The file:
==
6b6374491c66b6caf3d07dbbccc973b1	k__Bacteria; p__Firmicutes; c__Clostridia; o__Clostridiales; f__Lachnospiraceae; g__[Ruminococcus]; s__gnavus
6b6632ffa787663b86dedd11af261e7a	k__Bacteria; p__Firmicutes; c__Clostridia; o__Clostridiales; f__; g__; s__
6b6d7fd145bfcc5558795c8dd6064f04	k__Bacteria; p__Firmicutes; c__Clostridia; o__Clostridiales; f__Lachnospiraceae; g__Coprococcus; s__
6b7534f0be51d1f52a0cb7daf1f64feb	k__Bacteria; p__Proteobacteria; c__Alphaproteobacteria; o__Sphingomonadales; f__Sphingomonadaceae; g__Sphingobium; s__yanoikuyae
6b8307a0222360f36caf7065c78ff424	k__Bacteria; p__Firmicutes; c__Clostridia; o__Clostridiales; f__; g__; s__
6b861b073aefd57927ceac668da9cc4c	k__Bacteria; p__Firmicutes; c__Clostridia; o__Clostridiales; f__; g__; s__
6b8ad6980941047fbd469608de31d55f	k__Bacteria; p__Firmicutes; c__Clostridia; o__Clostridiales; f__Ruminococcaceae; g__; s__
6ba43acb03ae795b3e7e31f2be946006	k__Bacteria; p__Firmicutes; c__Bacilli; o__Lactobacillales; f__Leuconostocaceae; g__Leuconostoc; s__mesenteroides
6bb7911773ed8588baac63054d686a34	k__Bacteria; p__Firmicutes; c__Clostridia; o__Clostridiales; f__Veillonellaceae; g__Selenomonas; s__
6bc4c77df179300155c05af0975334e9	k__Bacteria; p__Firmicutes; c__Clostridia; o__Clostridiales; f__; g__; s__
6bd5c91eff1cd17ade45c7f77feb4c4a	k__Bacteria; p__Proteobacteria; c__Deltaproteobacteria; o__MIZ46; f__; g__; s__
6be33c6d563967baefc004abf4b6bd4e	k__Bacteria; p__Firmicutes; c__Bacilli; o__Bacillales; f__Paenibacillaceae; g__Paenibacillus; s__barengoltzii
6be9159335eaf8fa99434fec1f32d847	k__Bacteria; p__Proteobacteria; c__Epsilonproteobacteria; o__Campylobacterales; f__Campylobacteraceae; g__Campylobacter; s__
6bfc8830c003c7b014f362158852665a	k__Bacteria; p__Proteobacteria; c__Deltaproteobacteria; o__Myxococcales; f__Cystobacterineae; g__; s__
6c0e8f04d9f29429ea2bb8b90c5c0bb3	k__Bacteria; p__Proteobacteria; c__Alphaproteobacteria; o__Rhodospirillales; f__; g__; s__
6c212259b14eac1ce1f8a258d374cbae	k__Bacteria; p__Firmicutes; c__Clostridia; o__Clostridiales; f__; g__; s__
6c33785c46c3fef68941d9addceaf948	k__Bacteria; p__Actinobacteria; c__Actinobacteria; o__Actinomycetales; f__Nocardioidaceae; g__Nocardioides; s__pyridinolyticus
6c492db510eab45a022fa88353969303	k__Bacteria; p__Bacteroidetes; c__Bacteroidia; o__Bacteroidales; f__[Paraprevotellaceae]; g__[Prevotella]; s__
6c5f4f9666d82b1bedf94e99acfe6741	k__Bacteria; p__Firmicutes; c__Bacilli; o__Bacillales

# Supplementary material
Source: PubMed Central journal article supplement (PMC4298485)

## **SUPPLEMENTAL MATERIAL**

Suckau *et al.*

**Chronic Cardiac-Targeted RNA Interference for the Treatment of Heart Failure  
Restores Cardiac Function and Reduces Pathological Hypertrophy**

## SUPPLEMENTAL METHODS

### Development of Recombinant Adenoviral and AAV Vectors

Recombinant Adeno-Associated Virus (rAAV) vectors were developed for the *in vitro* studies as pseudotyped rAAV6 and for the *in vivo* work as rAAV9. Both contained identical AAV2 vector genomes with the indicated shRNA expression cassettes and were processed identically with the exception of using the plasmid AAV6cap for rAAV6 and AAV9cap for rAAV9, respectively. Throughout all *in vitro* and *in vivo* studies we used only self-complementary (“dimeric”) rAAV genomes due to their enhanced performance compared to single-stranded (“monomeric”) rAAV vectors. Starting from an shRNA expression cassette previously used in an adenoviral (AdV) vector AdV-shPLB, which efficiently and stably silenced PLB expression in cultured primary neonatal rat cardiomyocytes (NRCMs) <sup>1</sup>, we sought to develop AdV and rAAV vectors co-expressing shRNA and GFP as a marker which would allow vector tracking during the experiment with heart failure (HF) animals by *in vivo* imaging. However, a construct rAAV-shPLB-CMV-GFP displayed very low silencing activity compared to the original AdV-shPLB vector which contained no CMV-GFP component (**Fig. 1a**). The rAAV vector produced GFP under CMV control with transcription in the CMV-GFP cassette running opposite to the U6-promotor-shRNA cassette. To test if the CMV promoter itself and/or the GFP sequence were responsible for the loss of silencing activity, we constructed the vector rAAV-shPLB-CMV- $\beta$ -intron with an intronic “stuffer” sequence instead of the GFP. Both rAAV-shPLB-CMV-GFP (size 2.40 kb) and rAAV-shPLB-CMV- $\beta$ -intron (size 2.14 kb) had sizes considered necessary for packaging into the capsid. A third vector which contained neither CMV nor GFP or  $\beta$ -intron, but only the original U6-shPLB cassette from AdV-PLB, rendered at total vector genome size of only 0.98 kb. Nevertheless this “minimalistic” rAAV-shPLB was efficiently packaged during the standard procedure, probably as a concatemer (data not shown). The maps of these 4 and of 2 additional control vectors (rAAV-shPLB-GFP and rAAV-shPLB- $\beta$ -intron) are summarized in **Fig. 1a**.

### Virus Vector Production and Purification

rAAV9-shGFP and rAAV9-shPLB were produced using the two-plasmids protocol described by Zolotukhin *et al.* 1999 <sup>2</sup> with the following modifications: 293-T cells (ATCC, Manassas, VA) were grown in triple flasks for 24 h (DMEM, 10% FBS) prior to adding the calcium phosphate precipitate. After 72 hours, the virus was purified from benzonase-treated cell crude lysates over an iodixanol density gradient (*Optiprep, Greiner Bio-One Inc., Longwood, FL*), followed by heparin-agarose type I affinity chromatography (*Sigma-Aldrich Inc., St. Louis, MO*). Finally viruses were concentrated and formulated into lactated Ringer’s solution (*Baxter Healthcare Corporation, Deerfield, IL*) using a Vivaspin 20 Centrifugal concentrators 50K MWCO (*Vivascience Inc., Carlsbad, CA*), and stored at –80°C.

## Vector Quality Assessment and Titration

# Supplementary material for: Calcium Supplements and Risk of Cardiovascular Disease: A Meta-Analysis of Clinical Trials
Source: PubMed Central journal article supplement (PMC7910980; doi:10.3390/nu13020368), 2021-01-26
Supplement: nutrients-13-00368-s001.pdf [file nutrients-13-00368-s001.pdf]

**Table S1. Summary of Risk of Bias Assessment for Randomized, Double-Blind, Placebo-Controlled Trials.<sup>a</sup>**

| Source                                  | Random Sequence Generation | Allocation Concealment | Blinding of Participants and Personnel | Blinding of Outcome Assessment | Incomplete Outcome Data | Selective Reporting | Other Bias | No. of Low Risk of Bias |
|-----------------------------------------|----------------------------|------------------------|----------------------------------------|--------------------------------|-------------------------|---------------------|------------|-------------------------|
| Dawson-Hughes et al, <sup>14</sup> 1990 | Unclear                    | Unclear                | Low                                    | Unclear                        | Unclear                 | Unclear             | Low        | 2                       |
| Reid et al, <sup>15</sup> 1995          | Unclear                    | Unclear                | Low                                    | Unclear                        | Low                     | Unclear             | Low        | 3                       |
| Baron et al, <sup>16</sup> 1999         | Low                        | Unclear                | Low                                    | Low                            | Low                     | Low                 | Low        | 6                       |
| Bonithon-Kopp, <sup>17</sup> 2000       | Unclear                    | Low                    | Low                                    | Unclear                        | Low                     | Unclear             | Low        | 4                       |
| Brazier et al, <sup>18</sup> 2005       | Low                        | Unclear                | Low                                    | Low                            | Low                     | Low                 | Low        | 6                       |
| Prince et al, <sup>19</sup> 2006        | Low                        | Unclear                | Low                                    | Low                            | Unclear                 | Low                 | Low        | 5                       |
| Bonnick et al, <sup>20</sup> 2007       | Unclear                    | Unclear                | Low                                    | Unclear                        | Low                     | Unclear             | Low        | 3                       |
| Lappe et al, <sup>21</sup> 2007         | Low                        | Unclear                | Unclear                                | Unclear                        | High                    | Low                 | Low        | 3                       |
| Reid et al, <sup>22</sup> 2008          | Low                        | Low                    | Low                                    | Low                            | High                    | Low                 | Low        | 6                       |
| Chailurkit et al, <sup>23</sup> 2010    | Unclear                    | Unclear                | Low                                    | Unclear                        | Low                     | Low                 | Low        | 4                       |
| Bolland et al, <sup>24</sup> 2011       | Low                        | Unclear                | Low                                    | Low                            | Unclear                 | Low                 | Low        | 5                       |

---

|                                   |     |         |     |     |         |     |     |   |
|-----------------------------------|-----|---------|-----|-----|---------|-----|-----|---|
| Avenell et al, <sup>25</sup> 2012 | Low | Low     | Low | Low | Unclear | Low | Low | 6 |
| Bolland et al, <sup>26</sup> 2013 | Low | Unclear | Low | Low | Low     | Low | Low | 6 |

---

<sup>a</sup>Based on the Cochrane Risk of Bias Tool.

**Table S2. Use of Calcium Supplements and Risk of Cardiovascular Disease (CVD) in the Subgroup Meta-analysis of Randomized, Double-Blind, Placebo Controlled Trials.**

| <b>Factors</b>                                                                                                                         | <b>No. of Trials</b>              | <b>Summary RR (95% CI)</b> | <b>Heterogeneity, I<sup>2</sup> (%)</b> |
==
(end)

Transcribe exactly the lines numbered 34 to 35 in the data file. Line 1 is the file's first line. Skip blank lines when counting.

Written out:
Supplement: nutrients-13-00368-s001.pdf [file nutrients-13-00368-s001.pdf]

**Table S1. Summary of Risk of Bias Assessment for Randomized, Double-Blind, Placebo-Controlled Trials.<sup>a</sup>**